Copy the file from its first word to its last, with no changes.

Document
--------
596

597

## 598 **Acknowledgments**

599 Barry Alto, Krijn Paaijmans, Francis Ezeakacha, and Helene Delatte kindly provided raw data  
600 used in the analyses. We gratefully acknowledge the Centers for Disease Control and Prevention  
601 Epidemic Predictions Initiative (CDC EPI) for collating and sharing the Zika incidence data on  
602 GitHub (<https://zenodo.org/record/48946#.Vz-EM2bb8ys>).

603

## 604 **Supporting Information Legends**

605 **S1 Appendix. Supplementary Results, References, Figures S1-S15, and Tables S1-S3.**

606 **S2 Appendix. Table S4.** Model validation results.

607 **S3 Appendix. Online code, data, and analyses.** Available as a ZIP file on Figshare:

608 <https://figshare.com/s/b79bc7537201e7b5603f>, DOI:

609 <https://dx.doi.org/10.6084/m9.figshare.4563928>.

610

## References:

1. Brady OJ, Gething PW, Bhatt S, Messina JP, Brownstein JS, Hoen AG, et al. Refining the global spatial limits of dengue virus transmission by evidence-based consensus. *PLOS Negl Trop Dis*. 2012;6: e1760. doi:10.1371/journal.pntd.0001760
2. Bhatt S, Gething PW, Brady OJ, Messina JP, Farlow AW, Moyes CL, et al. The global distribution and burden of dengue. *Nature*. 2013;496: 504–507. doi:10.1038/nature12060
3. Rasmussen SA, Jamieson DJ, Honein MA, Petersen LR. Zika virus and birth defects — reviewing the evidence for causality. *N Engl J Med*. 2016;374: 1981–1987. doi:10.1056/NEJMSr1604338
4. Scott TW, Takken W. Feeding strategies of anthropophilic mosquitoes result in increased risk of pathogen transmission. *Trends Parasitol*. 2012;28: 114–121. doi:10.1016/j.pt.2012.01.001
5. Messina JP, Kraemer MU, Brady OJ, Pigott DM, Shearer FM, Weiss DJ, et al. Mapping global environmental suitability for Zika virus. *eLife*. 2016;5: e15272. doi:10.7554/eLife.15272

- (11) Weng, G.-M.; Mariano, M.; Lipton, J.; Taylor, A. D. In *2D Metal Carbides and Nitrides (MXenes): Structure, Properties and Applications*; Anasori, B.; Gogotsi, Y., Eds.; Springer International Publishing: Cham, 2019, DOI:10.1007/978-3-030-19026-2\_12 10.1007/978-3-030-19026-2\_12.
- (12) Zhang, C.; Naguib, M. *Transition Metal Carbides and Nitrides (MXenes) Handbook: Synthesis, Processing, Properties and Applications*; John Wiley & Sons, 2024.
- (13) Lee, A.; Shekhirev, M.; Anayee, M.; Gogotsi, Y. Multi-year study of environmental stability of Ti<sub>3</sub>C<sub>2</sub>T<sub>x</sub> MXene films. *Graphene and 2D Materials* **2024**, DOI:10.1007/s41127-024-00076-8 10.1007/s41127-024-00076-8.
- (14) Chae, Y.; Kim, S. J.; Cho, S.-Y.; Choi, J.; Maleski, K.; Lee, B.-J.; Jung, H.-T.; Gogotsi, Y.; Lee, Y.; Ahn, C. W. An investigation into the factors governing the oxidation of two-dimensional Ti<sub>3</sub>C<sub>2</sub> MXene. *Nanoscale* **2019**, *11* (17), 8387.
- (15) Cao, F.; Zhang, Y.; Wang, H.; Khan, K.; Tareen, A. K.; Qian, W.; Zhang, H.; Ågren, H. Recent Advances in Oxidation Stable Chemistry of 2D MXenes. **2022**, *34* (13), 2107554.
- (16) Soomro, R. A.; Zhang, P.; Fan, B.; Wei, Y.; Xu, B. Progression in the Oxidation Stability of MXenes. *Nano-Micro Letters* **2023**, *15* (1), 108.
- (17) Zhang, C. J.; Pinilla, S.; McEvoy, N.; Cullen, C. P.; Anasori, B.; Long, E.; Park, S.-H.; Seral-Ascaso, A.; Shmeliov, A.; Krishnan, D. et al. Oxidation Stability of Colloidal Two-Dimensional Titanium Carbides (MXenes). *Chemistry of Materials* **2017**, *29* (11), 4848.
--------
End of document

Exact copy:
596

597

## 598 **Acknowledgments**

599 Barry Alto, Krijn Paaijmans, Francis Ezeakacha, and Helene Delatte kindly provided raw data  
600 used in the analyses. We gratefully acknowledge the Centers for Disease Control and Prevention  
601 Epidemic Predictions Initiative (CDC EPI) for collating and sharing the Zika incidence data on  
602 GitHub (<https://zenodo.org/record/48946#.Vz-EM2bb8ys>).

603

## 604 **Supporting Information Legends**

605 **S1 Appendix. Supplementary Results, References, Figures S1-S15, and Tables S1-S3.**

606 **S2 Appendix. Table S4.** Model validation results.

607 **S3 Appendix. Online code, data, and analyses.** Available as a ZIP file on Figshare:

608 <https://figshare.com/s/b79bc7537201e7b5603f>, DOI:

609 <https://dx.doi.org/10.6084/m9.figshare.4563928>.

610

## References:

1. Brady OJ, Gething PW, Bhatt S, Messina JP, Brownstein JS, Hoen AG, et al. Refining the global spatial limits of dengue virus transmission by evidence-based consensus. *PLOS Negl Trop Dis*. 2012;6: e1760. doi:10.1371/journal.pntd.0001760
2. Bhatt S, Gething PW, Brady OJ, Messina JP, Farlow AW, Moyes CL, et al. The global distribution and burden of dengue. *Nature*. 2013;496: 504–507. doi:10.1038/nature12060
3. Rasmussen SA, Jamieson DJ, Honein MA, Petersen LR. Zika virus and birth defects — reviewing the evidence for causality. *N Engl J Med*. 2016;374: 1981–1987. doi:10.1056/NEJMSr1604338
4. Scott TW, Takken W. Feeding strategies of anthropophilic mosquitoes result in increased risk of pathogen transmission. *Trends Parasitol*. 2012;28: 114–121. doi:10.1016/j.pt.2012.01.001
5. Messina JP, Kraemer MU, Brady OJ, Pigott DM, Shearer FM, Weiss DJ, et al. Mapping global environmental suitability for Zika virus. *eLife*. 2016;5: e15272. doi:10.7554/eLife.15272

- (11) Weng, G.-M.; Mariano, M.; Lipton, J.; Taylor, A. D. In *2D Metal Carbides and Nitrides (MXenes): Structure, Properties and Applications*; Anasori, B.; Gogotsi, Y., Eds.; Springer International Publishing: Cham, 2019, DOI:10.1007/978-3-030-19026-2\_12 10.1007/978-3-030-19026-2\_12.
- (12) Zhang, C.; Naguib, M. *Transition Metal Carbides and Nitrides (MXenes) Handbook: Synthesis, Processing, Properties and Applications*; John Wiley & Sons, 2024.
- (13) Lee, A.; Shekhirev, M.; Anayee, M.; Gogotsi, Y. Multi-year study of environmental stability of Ti<sub>3</sub>C<sub>2</sub>T<sub>x</sub> MXene films. *Graphene and 2D Materials* **2024**, DOI:10.1007/s41127-024-00076-8 10.1007/s41127-024-00076-8.
- (14) Chae, Y.; Kim, S. J.; Cho, S.-Y.; Choi, J.; Maleski, K.; Lee, B.-J.; Jung, H.-T.; Gogotsi, Y.; Lee, Y.; Ahn, C. W. An investigation into the factors governing the oxidation of two-dimensional Ti<sub>3</sub>C<sub>2</sub> MXene. *Nanoscale* **2019**, *11* (17), 8387.
- (15) Cao, F.; Zhang, Y.; Wang, H.; Khan, K.; Tareen, A. K.; Qian, W.; Zhang, H.; Ågren, H. Recent Advances in Oxidation Stable Chemistry of 2D MXenes. **2022**, *34* (13), 2107554.
- (16) Soomro, R. A.; Zhang, P.; Fan, B.; Wei, Y.; Xu, B. Progression in the Oxidation Stability of MXenes. *Nano-Micro Letters* **2023**, *15* (1), 108.
- (17) Zhang, C. J.; Pinilla, S.; McEvoy, N.; Cullen, C. P.; Anasori, B.; Long, E.; Park, S.-H.; Seral-Ascaso, A.; Shmeliov, A.; Krishnan, D. et al. Oxidation Stability of Colloidal Two-Dimensional Titanium Carbides (MXenes). *Chemistry of Materials* **2017**, *29* (11), 4848.